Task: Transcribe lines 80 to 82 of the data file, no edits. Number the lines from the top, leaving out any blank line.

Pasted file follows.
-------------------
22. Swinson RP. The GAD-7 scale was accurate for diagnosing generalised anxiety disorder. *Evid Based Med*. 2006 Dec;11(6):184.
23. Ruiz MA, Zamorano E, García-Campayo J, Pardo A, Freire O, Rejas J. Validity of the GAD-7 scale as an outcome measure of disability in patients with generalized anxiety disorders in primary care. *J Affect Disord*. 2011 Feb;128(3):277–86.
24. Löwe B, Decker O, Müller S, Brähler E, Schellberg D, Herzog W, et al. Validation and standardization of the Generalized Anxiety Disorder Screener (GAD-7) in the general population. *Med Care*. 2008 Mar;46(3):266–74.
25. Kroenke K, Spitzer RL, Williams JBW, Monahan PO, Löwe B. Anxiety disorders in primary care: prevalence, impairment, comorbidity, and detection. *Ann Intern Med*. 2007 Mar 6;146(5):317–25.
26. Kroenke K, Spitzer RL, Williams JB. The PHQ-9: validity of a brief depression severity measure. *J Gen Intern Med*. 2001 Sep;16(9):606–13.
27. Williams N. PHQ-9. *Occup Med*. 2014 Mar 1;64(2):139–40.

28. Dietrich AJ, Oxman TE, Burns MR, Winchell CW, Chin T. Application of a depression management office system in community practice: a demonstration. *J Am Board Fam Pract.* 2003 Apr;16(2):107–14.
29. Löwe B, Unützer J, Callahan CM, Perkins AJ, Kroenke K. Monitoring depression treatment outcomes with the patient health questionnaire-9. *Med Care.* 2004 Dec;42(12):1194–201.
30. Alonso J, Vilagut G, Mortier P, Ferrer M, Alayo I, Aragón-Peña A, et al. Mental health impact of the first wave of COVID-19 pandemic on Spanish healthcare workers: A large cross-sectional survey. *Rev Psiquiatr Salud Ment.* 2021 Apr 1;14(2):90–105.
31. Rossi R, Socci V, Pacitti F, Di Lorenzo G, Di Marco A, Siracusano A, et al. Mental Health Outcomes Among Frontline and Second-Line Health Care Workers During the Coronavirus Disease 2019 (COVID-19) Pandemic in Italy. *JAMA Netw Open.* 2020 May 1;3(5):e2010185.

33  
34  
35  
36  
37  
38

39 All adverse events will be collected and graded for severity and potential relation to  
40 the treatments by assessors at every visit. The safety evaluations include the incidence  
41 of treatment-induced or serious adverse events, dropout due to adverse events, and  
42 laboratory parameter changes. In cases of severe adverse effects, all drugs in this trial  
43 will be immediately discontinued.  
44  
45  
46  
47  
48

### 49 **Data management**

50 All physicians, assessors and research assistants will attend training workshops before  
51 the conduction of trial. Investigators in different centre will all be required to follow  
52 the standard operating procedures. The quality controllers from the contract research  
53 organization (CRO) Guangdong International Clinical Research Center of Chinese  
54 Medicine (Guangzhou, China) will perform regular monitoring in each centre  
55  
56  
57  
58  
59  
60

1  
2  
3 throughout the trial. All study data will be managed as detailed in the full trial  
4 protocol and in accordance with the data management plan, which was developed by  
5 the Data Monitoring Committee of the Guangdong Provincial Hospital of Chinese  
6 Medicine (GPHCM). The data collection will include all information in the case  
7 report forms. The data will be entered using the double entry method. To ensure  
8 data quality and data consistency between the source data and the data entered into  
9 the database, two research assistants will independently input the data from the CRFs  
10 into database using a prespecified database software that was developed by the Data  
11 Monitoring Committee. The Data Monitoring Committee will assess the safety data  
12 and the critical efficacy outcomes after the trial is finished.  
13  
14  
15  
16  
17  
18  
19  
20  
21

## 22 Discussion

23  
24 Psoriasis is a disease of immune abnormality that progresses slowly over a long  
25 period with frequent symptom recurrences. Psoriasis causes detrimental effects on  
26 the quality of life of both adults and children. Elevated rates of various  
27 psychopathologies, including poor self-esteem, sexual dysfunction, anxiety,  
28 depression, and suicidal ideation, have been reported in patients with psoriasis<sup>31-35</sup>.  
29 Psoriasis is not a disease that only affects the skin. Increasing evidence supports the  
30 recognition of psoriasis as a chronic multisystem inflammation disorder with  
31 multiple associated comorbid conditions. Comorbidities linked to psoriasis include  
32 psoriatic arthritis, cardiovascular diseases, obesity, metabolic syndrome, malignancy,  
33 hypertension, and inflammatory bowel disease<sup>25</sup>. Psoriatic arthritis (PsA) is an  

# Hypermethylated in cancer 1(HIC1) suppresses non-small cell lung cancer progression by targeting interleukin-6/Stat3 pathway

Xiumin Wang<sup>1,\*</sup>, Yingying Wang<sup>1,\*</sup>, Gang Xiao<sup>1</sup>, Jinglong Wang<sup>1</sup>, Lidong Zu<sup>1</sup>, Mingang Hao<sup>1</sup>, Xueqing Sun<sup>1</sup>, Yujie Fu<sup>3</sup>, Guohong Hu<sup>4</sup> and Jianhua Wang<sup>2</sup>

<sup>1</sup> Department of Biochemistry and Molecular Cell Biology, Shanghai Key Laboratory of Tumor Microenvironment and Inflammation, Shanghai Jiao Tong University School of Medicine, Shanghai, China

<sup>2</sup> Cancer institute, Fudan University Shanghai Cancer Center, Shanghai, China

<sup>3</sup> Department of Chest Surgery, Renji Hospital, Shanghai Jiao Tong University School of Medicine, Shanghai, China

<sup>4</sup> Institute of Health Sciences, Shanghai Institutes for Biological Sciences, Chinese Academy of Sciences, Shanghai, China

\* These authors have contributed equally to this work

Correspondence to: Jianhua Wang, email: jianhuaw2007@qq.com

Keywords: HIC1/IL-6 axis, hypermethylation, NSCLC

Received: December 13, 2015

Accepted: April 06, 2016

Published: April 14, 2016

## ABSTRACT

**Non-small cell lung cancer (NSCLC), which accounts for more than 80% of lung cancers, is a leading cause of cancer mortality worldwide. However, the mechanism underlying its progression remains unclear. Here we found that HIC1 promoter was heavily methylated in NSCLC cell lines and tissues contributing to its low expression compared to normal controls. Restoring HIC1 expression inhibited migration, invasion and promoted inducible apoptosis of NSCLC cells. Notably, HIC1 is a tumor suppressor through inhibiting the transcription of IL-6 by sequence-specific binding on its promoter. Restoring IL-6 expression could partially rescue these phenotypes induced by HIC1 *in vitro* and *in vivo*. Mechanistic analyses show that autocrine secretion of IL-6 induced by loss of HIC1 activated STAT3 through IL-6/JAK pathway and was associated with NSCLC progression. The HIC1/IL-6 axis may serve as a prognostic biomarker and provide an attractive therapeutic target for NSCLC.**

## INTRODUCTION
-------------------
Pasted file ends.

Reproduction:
Keywords: HIC1/IL-6 axis, hypermethylation, NSCLC

Received: December 13, 2015

Accepted: April 06, 2016